Two years ago, Jeffrey Levy, who is British but lived in Spain for the last 16 years until making Aliya three years ago, opened an antique toy store/gallery in Tel Aviv.
Levy has been in the antique toy business for 42 years. His shop, which displays old toys and collectibles dating from the mid-19th to mid-20th centuries, is situated in a new shopping mall on Arlosoroff Street.
As he specializes in transport items it was only natural he would choose a large blown-up photograph of a Victorian railway station as a wallpaper. Guided by interior designer Yaron Yiftach, he chose an old sepia photograph which he feels contrasts well with the colourful toys on display and gives depth to the gallery.
Photo: Uriel Messa
“When I started collecting, people thought I was mad or immature,” says Levy, “Nowadays it is taken much more seriously with the realization that there is money in antique toys.”
For Levy, toys represent a mirror to a particular epoch, giving a clue to social attitudes of the time and what were the political driving forces and what were the political driving forces of the period. Among his collection are American toys of the period which he describes as “native.”
“They were intended to stimulate children but are also full of charm, while European toys of the same period are less crude and more serious.”
He points out the out-of-scale horse drawn wagon and the boat with the funnel which is too big as examples of the crude American toys of the time.
One of the items on display – one which he doesn’t really ever want to part with – is an airplane model, made by the Jewish firm Orobr brothers before the war.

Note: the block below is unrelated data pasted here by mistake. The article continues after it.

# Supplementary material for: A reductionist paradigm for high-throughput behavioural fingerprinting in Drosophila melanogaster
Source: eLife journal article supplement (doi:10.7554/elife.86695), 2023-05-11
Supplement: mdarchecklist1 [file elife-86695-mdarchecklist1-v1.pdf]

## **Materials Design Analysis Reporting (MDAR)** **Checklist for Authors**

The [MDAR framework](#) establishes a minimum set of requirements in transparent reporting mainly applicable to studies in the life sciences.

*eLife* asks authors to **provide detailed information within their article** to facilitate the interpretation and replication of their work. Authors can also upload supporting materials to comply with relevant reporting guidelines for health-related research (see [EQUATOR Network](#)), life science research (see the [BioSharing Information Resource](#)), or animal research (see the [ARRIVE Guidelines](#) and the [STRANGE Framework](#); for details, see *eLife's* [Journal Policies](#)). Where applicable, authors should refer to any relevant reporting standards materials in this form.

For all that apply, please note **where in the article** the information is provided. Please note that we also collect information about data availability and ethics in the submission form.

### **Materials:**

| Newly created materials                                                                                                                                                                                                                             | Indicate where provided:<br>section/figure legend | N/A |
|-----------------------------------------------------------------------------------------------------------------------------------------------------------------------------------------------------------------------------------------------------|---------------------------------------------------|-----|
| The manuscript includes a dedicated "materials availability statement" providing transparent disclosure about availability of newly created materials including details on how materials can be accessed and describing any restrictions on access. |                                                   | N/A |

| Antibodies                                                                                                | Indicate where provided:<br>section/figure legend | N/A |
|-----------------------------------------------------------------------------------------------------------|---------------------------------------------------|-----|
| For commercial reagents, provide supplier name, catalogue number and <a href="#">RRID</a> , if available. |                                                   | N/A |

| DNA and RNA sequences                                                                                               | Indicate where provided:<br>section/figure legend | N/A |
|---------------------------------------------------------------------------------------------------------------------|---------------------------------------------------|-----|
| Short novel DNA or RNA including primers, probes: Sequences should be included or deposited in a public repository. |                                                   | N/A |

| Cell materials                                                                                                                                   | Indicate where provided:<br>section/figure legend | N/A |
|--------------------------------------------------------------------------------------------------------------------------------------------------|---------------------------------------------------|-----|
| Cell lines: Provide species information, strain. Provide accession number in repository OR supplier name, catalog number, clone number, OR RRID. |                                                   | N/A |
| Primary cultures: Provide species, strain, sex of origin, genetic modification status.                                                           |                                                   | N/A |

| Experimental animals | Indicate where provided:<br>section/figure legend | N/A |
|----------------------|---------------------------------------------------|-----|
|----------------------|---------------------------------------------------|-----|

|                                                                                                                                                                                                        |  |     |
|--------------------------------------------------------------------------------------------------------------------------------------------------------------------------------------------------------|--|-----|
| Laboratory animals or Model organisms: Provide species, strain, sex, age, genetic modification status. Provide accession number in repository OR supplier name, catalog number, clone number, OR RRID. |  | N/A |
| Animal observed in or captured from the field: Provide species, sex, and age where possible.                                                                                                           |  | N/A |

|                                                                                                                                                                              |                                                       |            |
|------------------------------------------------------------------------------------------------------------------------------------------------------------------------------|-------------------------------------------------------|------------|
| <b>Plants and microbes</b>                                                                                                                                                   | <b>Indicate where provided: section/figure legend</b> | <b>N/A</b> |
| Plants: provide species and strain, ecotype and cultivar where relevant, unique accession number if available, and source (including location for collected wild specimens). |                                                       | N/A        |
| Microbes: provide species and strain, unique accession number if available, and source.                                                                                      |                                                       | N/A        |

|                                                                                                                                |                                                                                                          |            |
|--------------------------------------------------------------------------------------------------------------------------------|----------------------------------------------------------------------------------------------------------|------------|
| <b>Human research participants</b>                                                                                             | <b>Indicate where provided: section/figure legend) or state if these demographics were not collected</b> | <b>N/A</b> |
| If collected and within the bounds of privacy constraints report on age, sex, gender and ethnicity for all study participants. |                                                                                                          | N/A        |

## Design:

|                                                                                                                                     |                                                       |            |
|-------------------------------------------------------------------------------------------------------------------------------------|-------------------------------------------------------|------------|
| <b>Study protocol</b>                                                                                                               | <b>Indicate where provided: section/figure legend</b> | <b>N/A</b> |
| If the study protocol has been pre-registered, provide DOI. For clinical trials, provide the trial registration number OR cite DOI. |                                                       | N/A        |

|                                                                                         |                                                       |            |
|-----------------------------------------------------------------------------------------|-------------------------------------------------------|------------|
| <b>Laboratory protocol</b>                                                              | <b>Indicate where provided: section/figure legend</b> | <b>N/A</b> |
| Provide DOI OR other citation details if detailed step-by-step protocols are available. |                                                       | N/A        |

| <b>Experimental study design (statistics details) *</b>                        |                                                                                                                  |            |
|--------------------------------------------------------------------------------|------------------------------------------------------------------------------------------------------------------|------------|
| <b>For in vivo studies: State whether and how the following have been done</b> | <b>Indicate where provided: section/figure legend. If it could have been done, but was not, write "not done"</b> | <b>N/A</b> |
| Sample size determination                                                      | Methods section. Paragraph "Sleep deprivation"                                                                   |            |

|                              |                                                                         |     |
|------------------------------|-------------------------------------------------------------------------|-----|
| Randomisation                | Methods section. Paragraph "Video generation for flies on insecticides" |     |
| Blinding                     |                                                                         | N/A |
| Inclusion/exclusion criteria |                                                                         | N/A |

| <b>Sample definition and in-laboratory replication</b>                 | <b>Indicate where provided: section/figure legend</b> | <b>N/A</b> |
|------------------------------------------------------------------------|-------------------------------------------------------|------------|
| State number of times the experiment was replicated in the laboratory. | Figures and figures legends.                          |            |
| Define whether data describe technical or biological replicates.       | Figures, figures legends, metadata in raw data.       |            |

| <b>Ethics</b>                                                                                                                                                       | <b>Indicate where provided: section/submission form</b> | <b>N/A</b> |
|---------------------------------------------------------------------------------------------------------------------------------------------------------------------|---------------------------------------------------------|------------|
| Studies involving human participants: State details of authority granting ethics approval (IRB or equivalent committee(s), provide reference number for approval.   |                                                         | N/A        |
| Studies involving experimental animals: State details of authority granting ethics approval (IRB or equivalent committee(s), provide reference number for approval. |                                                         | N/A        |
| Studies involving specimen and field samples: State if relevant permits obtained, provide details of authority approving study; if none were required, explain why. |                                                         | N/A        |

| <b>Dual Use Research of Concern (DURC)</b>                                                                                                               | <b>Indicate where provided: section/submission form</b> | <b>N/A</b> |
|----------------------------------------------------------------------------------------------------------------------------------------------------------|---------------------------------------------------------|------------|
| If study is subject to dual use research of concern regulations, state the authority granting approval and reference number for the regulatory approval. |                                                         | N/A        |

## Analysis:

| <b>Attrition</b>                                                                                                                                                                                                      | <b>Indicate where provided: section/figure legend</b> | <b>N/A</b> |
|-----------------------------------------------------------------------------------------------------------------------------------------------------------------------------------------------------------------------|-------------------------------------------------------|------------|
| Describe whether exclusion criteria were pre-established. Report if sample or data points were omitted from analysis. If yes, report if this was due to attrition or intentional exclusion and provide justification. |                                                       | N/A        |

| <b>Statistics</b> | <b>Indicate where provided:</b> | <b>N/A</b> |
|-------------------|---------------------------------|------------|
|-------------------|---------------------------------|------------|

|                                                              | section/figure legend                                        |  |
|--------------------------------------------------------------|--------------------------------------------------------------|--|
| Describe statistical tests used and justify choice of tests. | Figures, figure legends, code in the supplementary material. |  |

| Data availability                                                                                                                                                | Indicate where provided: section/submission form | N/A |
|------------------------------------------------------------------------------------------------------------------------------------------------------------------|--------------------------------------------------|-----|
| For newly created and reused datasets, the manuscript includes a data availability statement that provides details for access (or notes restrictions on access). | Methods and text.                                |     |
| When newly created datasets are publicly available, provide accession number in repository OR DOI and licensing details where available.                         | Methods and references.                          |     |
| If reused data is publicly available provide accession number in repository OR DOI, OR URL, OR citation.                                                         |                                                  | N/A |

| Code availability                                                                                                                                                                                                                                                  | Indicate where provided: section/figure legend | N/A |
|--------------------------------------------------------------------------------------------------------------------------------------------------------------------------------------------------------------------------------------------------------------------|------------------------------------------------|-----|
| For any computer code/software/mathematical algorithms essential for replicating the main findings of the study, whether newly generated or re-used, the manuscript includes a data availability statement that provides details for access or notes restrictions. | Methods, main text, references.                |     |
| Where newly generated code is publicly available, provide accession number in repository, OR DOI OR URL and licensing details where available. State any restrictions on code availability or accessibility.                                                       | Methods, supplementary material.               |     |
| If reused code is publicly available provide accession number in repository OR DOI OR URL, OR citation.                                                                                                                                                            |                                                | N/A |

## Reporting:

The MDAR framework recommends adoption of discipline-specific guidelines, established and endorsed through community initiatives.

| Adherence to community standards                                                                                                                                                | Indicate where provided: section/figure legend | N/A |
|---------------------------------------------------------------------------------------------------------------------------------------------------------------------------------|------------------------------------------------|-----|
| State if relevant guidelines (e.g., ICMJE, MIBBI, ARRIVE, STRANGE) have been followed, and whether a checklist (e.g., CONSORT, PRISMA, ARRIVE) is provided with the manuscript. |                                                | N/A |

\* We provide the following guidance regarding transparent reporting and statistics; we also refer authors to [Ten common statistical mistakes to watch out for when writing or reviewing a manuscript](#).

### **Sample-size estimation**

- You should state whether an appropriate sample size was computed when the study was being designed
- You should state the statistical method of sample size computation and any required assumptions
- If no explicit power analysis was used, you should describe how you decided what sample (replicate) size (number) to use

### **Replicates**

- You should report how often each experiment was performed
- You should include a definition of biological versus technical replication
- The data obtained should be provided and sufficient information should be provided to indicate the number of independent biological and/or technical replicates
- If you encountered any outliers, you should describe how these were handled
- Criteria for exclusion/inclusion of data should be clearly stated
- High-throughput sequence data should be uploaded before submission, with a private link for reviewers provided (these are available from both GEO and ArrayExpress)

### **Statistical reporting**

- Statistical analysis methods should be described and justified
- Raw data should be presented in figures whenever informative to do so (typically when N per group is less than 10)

“Toy manufacturing in those days was 90% in Jewish hands,” explains Levy, “In the small towns in Germany they had been tinsmiths making pots and pans, and this easily developed into toy-making.”
With the rise of the Nazis, the Orobr family had to vacate the factory and leave.
“As an act of defiance in the last few weeks, they changed the litho-printing on the plane to include a Star of David on the fuselage and wings,” says Levy. “About 20 of these were made and it is almost poetic justice that a toy produced in such circumstances now assumes pride of place in a gallery in Tel Aviv in the homeland of the Jewish people. I have to say I really don’t want to sell it.”
Railway enthusiasts will find a German-made toy railway from the early 20th century in the gallery, complete with signals, bridges and tunnels.
“You don’t need a big space for this,” emphasizes Levy. “It can all fit on a shelf.”
Every piece was hand-made and parts can be purchased separately.
For the less technically minded there is a large selection of wooden farm animals made in Bavaria.
“These are in beautiful condition with bright colors – Although of course the lead content (in the paint) was very high in those days,” he says.
One of his very rare items is a boat designed to be pulled along or float on water.
“Not many of these survived as they were corroded by the water,” explains Levy. “This one is in wonderful condition, with guns, mast and rigging all in place – it had obviously never been in water,”
For Levy, antique toys are a serious matter.
“These are intrinsic works of art in their own right,” he says. “They have survived the test of time and represent a window into Western society of the epoch in which they were made.”